The pandemic has caused many of us to rely on technology in new ways. It promotes a number of innovations, including in the field of healthcare.
For example, most patients who require regular dialysis go to clinics or hospitals, but during the pandemic, more kidney patients want to receive treatment at home.
And, as Jesús Alvarado of “Marketplace Tech” explained, new technologies may make this easier.
If you suffer from kidney failure, you need to mechanically remove excess fluid and other toxins from the blood several times a week. It is not easy, but it is getting easier.
“Sometimes this clicking sound, it’s just that the machine is starting, everything is flowing, the lines are smooth, and the treatment will start at any time,” said Liz Henry, her husband Dick’s caregiver.
For the past 15 months, Liz Henry has been helping her husband with dialysis treatment at home. They no longer need to commute to the treatment center, which takes up most of the day.
“You are locked here. Then you need to get there, you need to arrive on time. Maybe the other person hasn’t finished yet,” she said.
“There is no travel time,” Dick Henry said. “We just get up in the morning and schedule our day….’Okay, let’s do this process now.’”
She is the CEO of Outset Medical, the company that developed the dialysis machine used by Dick Henry. Connected us to this couple from the very beginning.
Trigg sees that the number of dialysis patients continues to grow. The annual treatment cost in the United States is as high as 75 billion US dollars, but the treatment and technology are backward.
“From an innovation point of view, it has been frozen by time, and its service model and equipment are mainly from the 80s and 90s,” Trigg said.
Her team developed Tablo, a home dialysis machine the size of a mini refrigerator. It includes a 15-inch filter system and a cloud-connected user interface that can provide patient data and machine maintenance checks.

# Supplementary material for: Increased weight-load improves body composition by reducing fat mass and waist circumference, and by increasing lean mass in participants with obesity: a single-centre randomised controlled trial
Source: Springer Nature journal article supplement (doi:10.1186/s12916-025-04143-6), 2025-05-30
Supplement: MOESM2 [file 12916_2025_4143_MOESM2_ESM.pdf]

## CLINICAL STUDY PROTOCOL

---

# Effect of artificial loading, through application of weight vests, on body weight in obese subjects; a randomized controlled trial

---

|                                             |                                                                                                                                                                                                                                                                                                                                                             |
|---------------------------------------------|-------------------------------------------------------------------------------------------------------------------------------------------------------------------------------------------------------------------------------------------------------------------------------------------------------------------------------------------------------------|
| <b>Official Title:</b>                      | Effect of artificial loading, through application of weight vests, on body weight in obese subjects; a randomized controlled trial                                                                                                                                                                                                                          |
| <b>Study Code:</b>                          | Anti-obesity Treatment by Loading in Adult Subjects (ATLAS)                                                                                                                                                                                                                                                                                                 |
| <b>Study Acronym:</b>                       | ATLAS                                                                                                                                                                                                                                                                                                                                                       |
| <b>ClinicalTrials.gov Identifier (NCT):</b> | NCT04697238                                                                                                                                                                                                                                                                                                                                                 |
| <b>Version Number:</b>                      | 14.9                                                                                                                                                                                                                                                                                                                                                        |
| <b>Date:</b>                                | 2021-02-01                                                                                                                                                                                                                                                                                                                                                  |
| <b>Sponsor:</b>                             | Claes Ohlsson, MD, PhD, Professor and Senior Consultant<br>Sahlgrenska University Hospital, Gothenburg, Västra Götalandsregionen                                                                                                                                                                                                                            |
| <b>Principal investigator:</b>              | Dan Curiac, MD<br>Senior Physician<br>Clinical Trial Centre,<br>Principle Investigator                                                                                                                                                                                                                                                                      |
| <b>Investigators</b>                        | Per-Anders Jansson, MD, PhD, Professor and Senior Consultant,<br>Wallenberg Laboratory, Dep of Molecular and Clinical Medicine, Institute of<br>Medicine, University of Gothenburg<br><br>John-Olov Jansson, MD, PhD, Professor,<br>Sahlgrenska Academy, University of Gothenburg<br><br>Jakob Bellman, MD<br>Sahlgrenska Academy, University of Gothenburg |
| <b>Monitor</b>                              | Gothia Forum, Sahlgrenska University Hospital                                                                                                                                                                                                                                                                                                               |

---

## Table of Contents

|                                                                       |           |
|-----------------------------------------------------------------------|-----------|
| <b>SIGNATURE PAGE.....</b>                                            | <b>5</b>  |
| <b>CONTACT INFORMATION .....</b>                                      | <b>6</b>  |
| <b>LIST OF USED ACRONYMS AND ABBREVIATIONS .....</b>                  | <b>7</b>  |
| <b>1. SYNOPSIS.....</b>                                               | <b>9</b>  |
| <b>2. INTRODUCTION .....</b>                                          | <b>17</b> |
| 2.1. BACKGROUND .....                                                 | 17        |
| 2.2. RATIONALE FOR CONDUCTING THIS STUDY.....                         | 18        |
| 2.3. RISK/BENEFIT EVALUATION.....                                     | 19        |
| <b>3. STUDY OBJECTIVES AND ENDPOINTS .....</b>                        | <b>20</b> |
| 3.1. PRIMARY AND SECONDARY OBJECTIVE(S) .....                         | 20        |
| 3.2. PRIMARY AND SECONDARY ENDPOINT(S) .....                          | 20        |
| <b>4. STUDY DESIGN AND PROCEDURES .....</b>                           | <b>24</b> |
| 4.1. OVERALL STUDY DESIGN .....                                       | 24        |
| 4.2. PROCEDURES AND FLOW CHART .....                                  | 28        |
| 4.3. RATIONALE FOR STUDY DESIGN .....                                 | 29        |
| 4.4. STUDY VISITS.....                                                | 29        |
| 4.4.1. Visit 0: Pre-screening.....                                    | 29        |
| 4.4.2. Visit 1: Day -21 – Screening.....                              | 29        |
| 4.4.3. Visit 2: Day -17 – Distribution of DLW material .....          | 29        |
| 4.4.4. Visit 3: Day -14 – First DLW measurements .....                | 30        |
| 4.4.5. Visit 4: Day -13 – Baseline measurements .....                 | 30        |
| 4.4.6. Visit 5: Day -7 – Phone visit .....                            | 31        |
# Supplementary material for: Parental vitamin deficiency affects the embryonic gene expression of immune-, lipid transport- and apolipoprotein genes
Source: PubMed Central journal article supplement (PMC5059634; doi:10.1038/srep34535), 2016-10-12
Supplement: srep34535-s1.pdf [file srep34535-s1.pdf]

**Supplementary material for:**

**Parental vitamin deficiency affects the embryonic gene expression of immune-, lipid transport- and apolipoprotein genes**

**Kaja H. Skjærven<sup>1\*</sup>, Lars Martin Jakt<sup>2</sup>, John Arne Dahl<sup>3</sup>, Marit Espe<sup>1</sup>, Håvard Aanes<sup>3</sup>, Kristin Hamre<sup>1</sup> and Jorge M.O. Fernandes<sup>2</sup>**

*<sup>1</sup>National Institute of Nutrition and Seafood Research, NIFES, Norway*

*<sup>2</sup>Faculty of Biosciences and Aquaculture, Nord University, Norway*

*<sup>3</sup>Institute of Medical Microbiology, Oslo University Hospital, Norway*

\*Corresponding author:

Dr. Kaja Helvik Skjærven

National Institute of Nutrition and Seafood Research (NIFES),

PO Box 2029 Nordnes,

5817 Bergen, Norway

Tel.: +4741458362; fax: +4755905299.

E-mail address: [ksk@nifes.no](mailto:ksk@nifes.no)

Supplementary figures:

“When we went to the doctor, I [said],’Well, let me take the last 10 blood pressures here for [a] three hours of treatment.’ Everything suits him.”
It took about ten years to develop Tablo and obtain approval from the Food and Drug Administration. The company declined to say how much these units cost patients and insurance companies. Last July, patients started using it at home.
“Tablo basically shook the market,” said Nieltje Gedney, executive director of the advocacy group Home Dialyzors United. Gedney is also a dialysis patient himself.
“I expect that in five years, patients will have a choice in dialysis, a choice they have never had in the past half century,” Gedney said.
According to Gedney, these machines are convenient and significant. “The time involved is critical, because for many patients, home dialysis is like a second job.”
An article published in the trade journal Managed Healthcare Executive earlier this year delved into the development of home dialysis. It has been around for decades, but the pandemic has indeed pushed more people to use it and pushed technology to make it more accessible, as Jesus said.
Speaking of accessibility, MedCity News has a story about the new rules of Medicare and Medicaid Service Centers that update payments for dialysis treatment but also create incentives for providers to increase access to family dialysis opportunities Fairness.
These types of dialysis machines may be new technology. However, the use of some relatively mature technologies for telemedicine has also increased.
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Post time: Nov-20-2021